Dr. Richard Scott, a general practitioner, is one of six partners in the Bethesda Medical Center in Margate, England. The partners are all Christians, a fact that they do not hide from their patients.
Last year Scott saw a 24-year-old male patient, who NewsCore says “has been described as ‘in a rut and in need of help.’ ” Scott recalled the consultation:
I only discussed my faith at the end of a lengthy medical consultation after exploring the various interventions that the patient had previously tried, and after promising to follow up the patient’s request for an appointment with other medical professionals.
I only discussed mutual faith after obtaining the patient’s permission. In our conversation, I said that, personally, I had found having faith in Jesus helped me and could help the patient. At no time did the patient indicate that they were offended, or that they wanted to stop the discussion. If that had been the case, I would have immediately ended the conversation.
The man left the office. His mother, who got the impression from his post-consultation remarks that the only thing the doctor had done was talk to him about Jesus, filed a complaint with the GMC. The council then sent a letter to Scott informing him that he had, according to Scott, “harassed a vulnerable patient.” Asked in an interview with the Telegraph what his response to that charge would be, Scott replied, “Absolutely not. I’ve offered a needy patient a way out of his situation.”
Rather than accept the warning — a “slap on the wrist,” Scott called it, but one that would be on his record forever and “available to any future employer” — he decided to appeal, says the Telegraph, “even though he has been warned this could result in him being struck off,” i.e., having his medical license revoked. “What’s happened to me is an injustice and I want to stand up for Christians who have been getting hammered in the workplace,” he said. He contacted the Christian Legal Center, which has assigned him “leading human rights lawyer” Paul Diamond, according to the newspaper.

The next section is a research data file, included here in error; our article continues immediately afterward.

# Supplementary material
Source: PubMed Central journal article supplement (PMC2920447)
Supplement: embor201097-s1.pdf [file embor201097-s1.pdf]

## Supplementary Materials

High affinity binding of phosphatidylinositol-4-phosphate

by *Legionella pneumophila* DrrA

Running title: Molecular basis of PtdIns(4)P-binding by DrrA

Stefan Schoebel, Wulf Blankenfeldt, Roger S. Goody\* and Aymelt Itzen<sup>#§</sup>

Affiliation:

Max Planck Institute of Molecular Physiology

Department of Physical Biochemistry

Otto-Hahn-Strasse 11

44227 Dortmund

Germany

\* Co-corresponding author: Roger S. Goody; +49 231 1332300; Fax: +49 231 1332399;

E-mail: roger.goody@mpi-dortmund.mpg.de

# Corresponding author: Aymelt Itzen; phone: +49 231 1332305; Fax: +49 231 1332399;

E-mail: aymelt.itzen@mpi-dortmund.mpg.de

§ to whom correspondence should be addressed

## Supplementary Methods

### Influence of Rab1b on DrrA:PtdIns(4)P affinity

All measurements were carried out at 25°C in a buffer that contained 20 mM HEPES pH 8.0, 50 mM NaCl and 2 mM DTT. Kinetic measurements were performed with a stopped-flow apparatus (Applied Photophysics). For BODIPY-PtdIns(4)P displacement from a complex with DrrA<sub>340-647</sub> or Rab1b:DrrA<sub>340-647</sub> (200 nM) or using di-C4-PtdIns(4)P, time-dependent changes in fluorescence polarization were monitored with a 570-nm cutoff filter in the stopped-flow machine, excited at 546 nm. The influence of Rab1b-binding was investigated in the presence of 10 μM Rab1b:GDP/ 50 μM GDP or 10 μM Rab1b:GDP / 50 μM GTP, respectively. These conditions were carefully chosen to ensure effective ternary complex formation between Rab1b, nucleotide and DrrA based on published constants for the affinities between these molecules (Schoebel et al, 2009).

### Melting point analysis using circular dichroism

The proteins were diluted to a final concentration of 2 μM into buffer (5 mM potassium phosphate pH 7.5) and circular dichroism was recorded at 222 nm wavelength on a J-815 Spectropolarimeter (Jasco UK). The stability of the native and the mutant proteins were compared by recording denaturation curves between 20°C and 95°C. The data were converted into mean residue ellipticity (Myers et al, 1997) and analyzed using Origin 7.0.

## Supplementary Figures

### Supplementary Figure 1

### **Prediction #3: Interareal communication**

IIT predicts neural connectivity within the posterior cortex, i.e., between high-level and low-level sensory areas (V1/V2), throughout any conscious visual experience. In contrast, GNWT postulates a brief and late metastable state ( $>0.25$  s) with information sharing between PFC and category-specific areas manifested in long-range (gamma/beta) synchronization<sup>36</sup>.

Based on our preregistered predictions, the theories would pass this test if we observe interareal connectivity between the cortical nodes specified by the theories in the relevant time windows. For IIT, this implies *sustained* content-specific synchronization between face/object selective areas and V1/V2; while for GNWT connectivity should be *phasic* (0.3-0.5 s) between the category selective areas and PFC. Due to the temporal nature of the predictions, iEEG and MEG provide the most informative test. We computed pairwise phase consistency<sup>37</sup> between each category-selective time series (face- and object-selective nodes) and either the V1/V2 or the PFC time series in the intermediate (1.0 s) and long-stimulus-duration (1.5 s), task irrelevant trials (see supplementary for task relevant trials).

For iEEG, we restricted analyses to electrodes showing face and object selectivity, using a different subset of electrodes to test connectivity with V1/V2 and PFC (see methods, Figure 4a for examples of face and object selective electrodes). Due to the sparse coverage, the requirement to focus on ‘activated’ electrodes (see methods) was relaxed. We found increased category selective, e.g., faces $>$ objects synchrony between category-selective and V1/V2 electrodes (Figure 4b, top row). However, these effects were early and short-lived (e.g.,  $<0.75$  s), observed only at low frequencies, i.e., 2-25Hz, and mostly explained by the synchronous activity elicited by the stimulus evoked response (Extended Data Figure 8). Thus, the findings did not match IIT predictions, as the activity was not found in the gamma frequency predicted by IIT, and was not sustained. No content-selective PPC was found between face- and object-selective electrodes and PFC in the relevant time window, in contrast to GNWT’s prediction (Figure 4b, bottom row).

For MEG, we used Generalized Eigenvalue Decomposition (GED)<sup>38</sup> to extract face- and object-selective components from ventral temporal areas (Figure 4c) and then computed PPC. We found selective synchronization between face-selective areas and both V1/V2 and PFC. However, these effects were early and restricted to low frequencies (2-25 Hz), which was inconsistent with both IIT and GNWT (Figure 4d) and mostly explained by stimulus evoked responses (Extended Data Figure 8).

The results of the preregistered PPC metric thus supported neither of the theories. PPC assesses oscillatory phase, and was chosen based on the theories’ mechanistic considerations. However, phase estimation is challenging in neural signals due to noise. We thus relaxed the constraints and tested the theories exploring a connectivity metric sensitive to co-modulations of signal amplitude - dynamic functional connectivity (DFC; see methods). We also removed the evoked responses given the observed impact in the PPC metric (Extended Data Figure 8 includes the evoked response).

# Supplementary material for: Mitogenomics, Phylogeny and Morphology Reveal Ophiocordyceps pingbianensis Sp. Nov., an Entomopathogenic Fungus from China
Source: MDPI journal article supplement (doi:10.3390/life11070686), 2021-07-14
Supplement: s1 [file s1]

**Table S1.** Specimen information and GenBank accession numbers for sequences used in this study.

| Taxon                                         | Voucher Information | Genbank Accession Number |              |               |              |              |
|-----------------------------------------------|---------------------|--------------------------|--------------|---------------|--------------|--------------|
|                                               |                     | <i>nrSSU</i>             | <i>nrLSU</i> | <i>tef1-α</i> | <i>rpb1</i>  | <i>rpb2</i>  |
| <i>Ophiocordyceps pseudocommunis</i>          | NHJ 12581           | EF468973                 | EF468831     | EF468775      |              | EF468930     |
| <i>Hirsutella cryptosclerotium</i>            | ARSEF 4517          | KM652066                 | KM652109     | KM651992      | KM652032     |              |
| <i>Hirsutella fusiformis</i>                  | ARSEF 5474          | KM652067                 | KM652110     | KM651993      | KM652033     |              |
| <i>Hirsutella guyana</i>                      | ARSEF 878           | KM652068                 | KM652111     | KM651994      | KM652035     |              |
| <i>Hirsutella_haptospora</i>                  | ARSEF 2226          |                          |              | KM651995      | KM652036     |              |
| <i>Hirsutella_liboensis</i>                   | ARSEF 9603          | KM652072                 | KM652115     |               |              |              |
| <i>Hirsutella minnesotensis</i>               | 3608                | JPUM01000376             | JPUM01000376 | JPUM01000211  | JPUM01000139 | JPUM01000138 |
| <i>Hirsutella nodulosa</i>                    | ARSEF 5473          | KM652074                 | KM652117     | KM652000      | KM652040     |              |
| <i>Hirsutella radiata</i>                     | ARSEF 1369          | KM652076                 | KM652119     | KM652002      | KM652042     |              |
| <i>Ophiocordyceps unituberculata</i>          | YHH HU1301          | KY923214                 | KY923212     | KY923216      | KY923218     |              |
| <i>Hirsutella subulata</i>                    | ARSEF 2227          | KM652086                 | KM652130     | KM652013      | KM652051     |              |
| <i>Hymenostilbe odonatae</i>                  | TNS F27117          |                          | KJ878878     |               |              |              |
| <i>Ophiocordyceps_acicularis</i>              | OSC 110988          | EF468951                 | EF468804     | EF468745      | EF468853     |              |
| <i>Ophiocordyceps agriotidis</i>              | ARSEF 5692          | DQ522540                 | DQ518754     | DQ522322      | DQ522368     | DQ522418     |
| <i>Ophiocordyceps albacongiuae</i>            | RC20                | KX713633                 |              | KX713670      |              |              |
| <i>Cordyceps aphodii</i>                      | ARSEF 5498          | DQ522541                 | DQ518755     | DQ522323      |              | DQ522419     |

Christian Legal Center founder and director Andrea Williams told the Telegraph that the GMC should stand by Scott, saying, “He acted within their own guidelines, and his unblemished record should not be tarnished — even by a letter [in] his file.”
Naturally, GMC chief executive Niall Dickson took the opposite tack:
Our guidance, which all doctors must follow, is clear. Doctors should not normally discuss their personal beliefs with patients unless those beliefs are directly relevant to the patient’s care.
They also must not impose their beliefs on patients, or cause distress by the inappropriate or insensitive expression of religious, political or other beliefs or views.
Obviously Scott believes that discussing Christianity with his patients — and this patient in particular — is “directly relevant to” their care. Furthermore, as he pointed out, the patient in question never indicated that he was offended by or distressed with the conversation in any way. Scott says he has had similar conversations “thousands of times” with patients, and never before has anyone complained to the GMC.
By the way, Scott is a member of an Anglican church. The Anglican Church, of course, is the established church of England. Thus, an English doctor is now being persecuted by a state body for the offense of talking to one of his patients about the state’s official religion. One of government’s strong suits, however, has never been recognizing its own internal contradictions.
The Telegraph, in an editorial called “Doctors can be Christians, too,” defended Scott and pinpointed the real agenda behind his censure:
The GMC’s excessive reaction is part of a tendency: a number of institutions and companies have, in a misguided attempt to be “multicultural,” banned Christian symbols and overt expressions of faith, something that would never be attempted in the case of other religions. And yet the Christian faith is central to our country’s history and our traditions. Its legacy is visible everywhere. It is right that today, no one expects a person who holds positions of power and responsibility to be a practicing Christian. But we appear to be heading towards an alarming situation in which the profession of faith becomes an active disqualification.
Scott deserves to win. Freedom of speech and freedom of religion must be preserved. And that is something to which even the most ardent atheist can shout a hearty “Amen!”